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Do HSC and ATAR results matter? CEOs weigh in

Students at St George Girls High School, Sydney, take their maths exam for their HSC. (Photo by Steve Christo/Sydney Morning Herald/Fairfax Media via Getty Images via Getty Images)

Australia’s senior students are awaiting their final results with varying degrees of excitement, trepidation and apathy, with students’ due to receive their HSC, VCE and ATAR results in the coming weeks. 

NSW, Tasmanian and ACT students will receive their HSC and ATAR results on Tuesday 17 December, after Victorian students received their VCE and ATAR results on 12 December. 

Queensland students received their results on 14 December, while Western Australian and South Australian students will receive their results on 19 December.

But as several high profile founders and CEOs know, final results are not the be-all and end-all.

We spoke to some prominent Australian business people to hear their advice for new high school graduates.

Angela Clark, CEO at payments platform Beem It

“Increasingly the world will belong to the people who hold their opinions lightly and respect the views of others, who can learn from their mistakes, and who care about customers,” Clark said.  

“If you are humble, curious, open minded and love solving problems with the help of others, the world is your oyster.”

And Clark has a point. According to Swinburne University’s Dr Sean Gallagher, soft skills like creativity will serve Australian workers better in the changing world of work.

Additionally, Goldman Sachs venture investor Natalie Fratto has said adaptability and compassion are incredibly important for success.

“Whether you're navigating changing job conditions brought on by automation, shifting geopolitics in a more globalised world, or simply changing family dynamics and personal relationships, each of us, as individuals, groups, corporations and even governments are being forced to grapple with more change than ever before in human history,” Fratto said.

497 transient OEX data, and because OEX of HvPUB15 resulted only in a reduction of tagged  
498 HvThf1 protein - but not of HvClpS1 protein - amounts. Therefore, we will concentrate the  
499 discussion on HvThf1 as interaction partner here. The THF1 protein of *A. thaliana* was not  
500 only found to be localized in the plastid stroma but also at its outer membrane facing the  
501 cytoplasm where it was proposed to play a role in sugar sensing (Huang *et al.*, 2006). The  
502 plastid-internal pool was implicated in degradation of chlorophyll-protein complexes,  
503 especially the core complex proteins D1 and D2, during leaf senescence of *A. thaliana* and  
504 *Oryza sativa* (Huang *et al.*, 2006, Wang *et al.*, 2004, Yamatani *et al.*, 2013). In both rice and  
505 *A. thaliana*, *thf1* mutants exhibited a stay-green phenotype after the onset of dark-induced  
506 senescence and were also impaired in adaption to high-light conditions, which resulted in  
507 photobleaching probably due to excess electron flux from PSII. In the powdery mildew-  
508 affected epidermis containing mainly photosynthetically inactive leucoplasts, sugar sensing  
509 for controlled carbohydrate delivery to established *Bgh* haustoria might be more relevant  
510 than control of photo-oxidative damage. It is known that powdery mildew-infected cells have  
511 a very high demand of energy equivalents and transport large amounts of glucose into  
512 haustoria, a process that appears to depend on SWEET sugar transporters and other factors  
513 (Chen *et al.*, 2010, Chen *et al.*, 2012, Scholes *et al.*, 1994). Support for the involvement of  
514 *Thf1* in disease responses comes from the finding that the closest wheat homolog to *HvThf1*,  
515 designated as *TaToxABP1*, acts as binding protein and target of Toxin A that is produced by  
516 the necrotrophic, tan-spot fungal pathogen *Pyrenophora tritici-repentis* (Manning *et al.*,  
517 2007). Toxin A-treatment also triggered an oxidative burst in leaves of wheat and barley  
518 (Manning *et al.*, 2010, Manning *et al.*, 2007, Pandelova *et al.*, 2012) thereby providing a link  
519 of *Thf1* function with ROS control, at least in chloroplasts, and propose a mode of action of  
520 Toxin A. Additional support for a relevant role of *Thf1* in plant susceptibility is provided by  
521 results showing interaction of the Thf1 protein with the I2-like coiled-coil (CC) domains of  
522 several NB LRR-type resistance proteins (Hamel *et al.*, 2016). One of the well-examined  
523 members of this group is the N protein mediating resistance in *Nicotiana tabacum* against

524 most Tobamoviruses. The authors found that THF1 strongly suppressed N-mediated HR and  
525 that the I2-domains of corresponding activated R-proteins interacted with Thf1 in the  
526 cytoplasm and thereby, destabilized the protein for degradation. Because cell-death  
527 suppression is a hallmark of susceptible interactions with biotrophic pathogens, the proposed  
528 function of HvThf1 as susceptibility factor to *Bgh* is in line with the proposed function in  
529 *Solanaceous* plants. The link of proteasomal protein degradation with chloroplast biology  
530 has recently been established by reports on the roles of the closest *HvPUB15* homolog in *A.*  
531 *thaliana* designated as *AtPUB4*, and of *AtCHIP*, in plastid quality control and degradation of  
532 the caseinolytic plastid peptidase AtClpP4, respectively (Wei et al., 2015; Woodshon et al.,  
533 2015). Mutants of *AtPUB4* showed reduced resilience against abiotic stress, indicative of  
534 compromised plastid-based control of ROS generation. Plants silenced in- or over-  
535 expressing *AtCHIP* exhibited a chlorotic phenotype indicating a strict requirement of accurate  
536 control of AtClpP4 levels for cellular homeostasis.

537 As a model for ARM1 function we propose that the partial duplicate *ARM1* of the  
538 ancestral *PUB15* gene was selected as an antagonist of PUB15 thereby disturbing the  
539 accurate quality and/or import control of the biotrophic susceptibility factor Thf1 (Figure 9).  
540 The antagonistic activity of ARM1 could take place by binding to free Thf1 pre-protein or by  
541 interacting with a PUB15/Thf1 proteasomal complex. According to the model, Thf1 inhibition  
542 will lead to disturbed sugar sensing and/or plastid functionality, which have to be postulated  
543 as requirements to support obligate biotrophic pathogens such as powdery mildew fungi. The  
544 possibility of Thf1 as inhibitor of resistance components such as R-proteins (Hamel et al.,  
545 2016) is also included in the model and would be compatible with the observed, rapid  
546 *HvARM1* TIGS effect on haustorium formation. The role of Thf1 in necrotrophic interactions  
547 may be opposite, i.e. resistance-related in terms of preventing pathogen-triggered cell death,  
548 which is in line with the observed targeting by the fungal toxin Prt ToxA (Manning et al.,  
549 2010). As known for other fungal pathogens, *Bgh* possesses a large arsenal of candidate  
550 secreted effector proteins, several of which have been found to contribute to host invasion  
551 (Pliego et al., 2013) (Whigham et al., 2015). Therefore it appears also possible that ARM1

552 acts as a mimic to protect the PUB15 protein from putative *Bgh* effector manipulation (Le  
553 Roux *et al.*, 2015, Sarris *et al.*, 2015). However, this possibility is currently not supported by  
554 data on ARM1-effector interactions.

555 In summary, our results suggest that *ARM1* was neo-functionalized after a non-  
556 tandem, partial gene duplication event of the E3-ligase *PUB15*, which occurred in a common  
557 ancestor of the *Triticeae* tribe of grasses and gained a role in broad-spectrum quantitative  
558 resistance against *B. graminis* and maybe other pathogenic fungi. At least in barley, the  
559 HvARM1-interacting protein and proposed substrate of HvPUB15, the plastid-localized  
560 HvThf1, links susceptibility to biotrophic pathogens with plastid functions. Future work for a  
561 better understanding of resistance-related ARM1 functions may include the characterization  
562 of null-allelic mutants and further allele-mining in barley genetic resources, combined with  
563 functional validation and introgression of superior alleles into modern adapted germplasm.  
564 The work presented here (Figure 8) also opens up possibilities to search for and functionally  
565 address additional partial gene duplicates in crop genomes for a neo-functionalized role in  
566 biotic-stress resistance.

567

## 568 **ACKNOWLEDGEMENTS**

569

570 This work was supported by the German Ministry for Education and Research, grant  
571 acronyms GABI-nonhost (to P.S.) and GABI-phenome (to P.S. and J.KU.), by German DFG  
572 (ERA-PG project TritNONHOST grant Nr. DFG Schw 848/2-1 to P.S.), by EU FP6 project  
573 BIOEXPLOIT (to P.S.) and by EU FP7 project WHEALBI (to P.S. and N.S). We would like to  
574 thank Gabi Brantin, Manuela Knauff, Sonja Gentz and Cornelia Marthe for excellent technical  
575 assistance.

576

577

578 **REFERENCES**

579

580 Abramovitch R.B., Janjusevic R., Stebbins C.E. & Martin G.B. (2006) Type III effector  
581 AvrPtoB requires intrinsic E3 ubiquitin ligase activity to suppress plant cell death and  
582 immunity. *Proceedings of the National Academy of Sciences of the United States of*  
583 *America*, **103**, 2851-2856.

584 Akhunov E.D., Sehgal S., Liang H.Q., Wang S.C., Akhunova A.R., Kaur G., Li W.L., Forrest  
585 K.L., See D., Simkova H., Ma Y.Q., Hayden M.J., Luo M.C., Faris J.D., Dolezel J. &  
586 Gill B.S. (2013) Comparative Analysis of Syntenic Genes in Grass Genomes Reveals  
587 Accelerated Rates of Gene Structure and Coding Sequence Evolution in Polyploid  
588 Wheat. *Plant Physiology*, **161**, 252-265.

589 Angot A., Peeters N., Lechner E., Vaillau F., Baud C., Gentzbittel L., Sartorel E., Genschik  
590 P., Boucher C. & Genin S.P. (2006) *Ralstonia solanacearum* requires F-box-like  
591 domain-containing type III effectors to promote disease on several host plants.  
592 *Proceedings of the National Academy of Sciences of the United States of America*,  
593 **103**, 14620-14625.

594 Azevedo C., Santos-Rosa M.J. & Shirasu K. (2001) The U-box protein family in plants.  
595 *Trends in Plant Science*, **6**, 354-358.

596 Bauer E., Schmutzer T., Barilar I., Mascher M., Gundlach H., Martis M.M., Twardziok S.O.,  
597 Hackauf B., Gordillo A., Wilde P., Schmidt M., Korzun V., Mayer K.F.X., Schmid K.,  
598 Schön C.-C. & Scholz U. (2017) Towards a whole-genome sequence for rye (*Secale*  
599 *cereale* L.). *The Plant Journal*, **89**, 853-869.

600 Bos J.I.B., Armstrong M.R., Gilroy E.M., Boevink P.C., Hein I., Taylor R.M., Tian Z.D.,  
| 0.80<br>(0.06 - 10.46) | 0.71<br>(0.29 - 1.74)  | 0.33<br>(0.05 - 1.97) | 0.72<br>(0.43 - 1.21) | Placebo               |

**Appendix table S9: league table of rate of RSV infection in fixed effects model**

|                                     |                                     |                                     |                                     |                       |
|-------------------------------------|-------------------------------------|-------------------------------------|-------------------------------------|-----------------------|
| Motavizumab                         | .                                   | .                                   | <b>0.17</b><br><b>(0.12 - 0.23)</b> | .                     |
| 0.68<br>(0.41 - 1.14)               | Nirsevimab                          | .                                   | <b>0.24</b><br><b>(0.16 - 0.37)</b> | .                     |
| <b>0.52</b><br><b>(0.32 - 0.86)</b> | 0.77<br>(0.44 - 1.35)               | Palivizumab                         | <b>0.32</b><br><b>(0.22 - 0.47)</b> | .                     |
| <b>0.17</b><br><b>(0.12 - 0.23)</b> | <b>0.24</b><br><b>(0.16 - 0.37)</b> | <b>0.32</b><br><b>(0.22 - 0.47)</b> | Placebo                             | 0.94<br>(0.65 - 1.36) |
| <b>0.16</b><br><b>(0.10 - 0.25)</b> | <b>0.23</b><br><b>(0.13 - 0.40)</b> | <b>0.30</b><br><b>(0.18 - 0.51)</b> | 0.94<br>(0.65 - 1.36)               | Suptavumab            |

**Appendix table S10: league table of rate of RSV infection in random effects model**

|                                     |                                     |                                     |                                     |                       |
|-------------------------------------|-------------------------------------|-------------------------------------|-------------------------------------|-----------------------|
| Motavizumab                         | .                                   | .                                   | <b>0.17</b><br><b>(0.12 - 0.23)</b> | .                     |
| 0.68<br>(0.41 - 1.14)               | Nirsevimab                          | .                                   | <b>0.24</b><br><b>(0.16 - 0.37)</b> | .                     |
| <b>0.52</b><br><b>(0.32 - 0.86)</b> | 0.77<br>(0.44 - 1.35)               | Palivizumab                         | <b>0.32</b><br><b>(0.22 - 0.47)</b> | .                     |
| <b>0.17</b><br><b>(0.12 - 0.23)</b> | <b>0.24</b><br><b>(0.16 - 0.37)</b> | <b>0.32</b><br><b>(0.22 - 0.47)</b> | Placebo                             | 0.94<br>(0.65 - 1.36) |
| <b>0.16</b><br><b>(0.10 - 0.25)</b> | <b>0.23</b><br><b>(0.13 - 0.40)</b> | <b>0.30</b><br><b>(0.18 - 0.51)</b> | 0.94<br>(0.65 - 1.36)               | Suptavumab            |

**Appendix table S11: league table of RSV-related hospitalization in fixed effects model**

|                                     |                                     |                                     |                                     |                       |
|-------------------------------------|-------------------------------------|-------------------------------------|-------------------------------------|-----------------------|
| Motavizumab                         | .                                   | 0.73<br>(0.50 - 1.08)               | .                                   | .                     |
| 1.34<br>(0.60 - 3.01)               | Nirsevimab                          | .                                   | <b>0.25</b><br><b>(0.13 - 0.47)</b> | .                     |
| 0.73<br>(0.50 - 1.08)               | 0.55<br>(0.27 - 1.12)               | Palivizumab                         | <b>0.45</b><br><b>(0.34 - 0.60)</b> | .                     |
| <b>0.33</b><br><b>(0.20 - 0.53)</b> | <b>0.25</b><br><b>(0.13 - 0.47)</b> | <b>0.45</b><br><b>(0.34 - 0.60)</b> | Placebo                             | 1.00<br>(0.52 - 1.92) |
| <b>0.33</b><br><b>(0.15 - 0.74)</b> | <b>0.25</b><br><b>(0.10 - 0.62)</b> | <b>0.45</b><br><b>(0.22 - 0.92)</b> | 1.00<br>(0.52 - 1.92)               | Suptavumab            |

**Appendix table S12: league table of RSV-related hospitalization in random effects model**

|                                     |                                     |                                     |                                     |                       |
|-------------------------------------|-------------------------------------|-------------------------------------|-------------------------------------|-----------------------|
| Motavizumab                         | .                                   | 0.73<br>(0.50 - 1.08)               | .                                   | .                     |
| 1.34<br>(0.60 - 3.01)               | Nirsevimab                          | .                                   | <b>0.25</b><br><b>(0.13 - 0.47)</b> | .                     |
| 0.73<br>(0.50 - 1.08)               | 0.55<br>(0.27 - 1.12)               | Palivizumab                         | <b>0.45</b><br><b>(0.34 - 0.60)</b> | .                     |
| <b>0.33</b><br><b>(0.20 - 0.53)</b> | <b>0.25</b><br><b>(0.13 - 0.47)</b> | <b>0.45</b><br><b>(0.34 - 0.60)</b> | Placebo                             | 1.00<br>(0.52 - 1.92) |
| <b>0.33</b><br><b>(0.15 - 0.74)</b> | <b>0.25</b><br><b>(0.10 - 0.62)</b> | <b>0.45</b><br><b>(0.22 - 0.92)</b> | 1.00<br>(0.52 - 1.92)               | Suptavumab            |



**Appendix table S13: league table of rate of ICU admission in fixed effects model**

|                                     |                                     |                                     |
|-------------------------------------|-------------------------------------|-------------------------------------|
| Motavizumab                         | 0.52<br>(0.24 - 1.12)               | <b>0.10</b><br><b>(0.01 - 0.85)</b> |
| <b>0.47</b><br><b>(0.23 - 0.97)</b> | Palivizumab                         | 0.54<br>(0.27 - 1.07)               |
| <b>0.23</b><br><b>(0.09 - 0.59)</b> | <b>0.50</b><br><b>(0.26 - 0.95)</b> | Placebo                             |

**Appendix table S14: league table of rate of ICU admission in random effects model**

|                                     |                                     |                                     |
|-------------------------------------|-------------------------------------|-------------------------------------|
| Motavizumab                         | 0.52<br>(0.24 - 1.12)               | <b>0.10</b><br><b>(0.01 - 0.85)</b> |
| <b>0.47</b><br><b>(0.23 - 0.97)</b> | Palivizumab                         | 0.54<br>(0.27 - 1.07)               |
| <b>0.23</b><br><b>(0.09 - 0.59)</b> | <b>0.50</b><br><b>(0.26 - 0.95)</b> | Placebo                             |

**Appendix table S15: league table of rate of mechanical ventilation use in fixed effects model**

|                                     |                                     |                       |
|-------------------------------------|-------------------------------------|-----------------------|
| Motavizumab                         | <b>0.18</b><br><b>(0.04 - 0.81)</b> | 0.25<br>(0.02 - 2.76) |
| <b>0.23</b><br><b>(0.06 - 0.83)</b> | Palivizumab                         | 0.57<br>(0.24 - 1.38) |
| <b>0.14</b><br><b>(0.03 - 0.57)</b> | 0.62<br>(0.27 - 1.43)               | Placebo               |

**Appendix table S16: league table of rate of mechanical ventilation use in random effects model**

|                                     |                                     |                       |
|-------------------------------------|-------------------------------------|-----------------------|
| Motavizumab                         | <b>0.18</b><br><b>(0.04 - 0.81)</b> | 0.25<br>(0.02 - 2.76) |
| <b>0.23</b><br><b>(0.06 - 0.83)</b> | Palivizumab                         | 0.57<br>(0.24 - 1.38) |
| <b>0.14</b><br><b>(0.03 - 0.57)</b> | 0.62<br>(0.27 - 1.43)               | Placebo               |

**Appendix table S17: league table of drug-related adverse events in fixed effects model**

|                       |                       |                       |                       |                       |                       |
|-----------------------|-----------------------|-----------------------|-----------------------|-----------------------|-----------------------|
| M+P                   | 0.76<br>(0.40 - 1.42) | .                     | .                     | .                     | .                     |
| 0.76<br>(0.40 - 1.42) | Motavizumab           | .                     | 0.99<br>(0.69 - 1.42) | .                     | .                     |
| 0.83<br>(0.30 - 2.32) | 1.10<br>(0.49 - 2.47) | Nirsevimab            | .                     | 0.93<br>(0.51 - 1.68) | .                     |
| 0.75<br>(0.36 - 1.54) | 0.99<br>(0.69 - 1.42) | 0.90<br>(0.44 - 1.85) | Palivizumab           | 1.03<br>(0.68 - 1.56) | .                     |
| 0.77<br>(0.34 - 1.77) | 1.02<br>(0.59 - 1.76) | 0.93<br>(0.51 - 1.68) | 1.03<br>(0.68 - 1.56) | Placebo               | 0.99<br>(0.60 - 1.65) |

Rudy Crous, CEO at HR startup Shortlyster

Crous wanted to become a corporate psychologist when he left school, and couldn’t picture himself becoming the co-founder of a tech startup. 

“The way my career has evolved has been full of wonderful opportunities that I couldn’t have predicted, and I think that's the same for a lot of people. You can’t control the future but you can influence it,” he said.

“So my advice is, don’t worry if you don’t know what career path you want to take – it will fall into place as long as you are committed to learning, work hard, and embrace opportunities to push yourself out of your comfort zone.”

And, he added, make sure you consider your values and motivations in addition to your strengths when it comes to deciding where to start. 

“A career is more than just a job, as the workplace and industry you join will become your community.”

Alexie O’Brien, COO at $5.5 million parenting e-commerce platform Tell Me Baby

As a mum of high school leavers in recent years, O’Brien knows the pressure on students at this time of year. 

She thinks it’s important to be “okay with failing”, and remember to stay curious, resourceful and tenacious. 

“Today, there are so many pathways to get to your end goal. Know that with hard work and tenacity you can get to where you want to go. It doesn’t end at high school, or with an HSC or ATAR result,” O’Brien said. 

“There are many options and alternative ways to get to the end goal. But remember it is about the journey as much as the destination. This is true in life and in your career.”

She said school leavers also need to know how to learn from failure. “Lean into fear, and ask for guidance along the way to continue your growth. And if a door closes remember it is just the end of a chapter.”

How much does your ATAR actually matter?

These CEOs aren’t the only ones urging students to shake up their perspective on results. 

Last year, the Rio Tinto managing director Kellie Parker told the Sydney Morning Herald that many large companies don’t scrutinise students’ year 12 result.

“I think we've got to sit back [and look at] what actually happens in year 11 and 12 and how it's a cookie cutter to get into university, rather than a mind-expanding opportunity,” she said. 

And several CEOs didn’t even attend university, taking the sting out of ATAR result pressure.

Peter Harmer, chief of one of Australia’s largest insurance firms IAG did not attend university, instead beginning his career as an underwriter and claims officer at New Zealand Insurance. 

Trevor Croker, the head of pokies machine company Aristocrat, also didn’t need an ATAR. In the last five years saw its share price grow from $5.70 to $30.67 in the last five years.

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